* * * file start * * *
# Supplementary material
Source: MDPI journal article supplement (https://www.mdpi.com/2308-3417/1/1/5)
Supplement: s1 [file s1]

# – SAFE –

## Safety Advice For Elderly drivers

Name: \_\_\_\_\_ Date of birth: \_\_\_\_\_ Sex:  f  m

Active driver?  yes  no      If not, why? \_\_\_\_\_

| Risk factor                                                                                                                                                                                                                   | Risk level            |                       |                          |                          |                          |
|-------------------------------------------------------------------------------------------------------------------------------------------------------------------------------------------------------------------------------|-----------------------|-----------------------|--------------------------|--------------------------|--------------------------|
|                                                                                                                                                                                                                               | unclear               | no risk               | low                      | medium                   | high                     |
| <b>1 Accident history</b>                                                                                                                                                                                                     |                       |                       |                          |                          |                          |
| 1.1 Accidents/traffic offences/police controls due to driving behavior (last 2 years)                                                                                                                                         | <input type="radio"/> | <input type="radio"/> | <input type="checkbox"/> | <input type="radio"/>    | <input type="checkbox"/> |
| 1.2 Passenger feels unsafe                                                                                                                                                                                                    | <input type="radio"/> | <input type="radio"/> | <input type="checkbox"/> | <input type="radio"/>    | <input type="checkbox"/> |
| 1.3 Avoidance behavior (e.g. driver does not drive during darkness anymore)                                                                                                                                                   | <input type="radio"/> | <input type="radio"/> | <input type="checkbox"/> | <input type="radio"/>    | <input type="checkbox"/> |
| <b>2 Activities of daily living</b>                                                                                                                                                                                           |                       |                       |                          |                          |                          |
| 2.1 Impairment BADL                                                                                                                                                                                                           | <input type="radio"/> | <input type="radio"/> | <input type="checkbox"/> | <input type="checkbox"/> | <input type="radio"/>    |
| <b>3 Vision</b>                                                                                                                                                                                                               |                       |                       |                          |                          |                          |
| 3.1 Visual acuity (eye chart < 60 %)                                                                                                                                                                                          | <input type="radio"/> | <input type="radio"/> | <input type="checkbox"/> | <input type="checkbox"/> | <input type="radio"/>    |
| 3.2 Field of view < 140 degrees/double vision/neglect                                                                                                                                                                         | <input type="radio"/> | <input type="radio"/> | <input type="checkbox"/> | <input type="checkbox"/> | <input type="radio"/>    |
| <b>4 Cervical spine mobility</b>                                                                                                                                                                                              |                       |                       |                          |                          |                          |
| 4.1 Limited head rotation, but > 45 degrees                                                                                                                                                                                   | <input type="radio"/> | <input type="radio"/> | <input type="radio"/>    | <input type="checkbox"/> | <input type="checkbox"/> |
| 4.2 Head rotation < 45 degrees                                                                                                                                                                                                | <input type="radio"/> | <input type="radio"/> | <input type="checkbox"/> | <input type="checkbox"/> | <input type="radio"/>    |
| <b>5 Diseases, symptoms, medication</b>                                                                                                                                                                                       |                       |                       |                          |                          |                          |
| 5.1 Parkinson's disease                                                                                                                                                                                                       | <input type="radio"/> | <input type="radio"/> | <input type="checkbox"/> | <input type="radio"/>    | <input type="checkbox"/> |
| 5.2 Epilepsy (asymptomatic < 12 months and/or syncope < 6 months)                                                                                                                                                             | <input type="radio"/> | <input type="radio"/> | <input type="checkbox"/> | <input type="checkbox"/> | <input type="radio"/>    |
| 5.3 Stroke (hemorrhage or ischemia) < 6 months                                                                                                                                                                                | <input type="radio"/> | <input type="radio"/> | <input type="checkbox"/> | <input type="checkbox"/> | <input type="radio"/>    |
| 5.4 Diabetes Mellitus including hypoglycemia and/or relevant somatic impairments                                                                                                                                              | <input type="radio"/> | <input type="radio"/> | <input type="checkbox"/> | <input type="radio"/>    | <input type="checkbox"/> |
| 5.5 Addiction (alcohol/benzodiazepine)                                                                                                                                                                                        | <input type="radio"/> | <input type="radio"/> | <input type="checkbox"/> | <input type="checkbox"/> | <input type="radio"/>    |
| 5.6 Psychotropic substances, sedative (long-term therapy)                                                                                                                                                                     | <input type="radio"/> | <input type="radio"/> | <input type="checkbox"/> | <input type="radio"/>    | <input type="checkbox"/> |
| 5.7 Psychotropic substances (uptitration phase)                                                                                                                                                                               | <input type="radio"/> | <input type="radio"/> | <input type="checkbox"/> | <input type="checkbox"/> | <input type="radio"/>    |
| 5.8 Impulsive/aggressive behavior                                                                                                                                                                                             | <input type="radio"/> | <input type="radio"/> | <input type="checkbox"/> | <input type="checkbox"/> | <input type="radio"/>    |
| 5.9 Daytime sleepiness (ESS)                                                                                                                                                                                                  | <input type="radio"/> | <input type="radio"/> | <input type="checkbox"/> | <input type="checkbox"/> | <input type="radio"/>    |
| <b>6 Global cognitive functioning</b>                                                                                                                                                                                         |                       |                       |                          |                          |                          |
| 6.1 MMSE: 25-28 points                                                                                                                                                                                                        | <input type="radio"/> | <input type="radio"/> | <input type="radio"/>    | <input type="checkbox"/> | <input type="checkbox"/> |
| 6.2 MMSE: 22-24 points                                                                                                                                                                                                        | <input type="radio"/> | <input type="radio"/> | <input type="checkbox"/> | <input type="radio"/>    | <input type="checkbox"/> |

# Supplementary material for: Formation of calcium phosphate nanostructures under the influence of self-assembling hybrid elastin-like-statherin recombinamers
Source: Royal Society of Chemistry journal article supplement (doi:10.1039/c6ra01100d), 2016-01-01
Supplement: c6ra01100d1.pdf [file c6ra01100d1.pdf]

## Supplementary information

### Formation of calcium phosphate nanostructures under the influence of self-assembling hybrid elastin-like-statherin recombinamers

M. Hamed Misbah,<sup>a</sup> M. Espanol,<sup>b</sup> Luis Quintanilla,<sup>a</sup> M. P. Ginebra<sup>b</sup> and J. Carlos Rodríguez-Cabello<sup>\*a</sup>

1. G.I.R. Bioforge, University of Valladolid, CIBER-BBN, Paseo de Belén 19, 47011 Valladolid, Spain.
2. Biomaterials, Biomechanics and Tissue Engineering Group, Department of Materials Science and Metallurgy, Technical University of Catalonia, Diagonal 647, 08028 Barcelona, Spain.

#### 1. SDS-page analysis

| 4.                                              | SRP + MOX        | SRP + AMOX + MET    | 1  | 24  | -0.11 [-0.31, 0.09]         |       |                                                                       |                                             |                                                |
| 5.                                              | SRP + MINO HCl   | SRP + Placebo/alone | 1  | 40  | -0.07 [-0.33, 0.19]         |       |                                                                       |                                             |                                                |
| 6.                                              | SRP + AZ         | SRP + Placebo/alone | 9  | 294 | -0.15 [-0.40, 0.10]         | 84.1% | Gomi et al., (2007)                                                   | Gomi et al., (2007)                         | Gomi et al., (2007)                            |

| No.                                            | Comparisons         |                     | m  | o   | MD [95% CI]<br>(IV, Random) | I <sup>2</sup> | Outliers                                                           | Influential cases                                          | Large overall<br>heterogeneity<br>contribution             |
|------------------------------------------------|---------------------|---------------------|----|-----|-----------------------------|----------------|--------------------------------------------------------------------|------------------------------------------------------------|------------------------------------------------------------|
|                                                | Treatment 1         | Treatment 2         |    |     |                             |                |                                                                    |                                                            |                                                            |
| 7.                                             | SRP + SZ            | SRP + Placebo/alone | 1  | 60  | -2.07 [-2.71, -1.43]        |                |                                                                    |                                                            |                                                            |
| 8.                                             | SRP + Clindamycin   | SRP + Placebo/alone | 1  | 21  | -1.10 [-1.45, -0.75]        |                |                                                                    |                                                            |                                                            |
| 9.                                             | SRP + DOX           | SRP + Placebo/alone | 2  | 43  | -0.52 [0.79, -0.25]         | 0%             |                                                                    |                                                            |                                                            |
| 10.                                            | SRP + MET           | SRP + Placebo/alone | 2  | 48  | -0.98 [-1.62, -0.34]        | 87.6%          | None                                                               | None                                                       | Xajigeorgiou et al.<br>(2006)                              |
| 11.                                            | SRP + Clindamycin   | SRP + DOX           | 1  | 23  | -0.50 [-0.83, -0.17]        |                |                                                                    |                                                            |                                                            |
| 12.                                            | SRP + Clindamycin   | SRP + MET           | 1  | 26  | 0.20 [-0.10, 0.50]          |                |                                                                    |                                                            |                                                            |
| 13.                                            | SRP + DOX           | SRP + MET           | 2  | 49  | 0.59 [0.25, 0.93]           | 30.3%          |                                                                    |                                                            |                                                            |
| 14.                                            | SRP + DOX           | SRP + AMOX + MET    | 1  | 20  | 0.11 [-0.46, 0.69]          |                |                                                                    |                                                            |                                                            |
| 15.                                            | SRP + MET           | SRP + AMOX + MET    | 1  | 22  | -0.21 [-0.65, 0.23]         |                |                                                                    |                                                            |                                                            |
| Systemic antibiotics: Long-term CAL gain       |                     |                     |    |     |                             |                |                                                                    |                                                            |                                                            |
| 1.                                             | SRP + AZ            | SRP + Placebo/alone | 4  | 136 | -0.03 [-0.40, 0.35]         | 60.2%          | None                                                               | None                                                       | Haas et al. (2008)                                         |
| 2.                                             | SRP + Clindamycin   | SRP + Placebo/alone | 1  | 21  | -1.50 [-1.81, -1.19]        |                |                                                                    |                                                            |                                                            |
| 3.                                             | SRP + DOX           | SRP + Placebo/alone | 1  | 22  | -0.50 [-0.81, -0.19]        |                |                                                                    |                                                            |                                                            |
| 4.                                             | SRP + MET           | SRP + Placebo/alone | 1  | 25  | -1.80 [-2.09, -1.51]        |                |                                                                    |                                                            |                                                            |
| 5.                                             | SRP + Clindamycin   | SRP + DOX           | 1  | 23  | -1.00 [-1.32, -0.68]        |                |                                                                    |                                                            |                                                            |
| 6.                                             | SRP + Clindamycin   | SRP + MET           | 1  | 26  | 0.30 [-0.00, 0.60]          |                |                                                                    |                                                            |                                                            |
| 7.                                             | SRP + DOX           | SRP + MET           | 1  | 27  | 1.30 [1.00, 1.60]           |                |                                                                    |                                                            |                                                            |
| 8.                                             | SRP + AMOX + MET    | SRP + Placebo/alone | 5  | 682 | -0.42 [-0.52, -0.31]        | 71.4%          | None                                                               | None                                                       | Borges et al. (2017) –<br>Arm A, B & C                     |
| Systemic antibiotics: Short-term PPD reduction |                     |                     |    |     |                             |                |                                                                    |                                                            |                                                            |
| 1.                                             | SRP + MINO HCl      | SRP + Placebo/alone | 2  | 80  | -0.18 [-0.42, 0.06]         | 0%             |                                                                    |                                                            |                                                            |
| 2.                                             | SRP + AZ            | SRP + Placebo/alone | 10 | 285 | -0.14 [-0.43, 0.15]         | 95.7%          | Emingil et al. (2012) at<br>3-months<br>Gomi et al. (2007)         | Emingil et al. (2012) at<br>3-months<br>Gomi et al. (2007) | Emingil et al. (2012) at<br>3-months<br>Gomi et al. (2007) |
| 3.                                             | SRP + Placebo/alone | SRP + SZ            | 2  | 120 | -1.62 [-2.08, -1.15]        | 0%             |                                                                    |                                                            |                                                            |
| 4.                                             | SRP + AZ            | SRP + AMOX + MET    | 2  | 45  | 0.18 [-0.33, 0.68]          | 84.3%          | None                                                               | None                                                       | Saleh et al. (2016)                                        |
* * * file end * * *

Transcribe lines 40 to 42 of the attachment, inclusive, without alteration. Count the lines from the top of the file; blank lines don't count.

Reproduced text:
### Formation of calcium phosphate nanostructures under the influence of self-assembling hybrid elastin-like-statherin recombinamers

M. Hamed Misbah,<sup>a</sup> M. Espanol,<sup>b</sup> Luis Quintanilla,<sup>a</sup> M. P. Ginebra<sup>b</sup> and J. Carlos Rodríguez-Cabello<sup>\*a</sup>

1. G.I.R. Bioforge, University of Valladolid, CIBER-BBN, Paseo de Belén 19, 47011 Valladolid, Spain.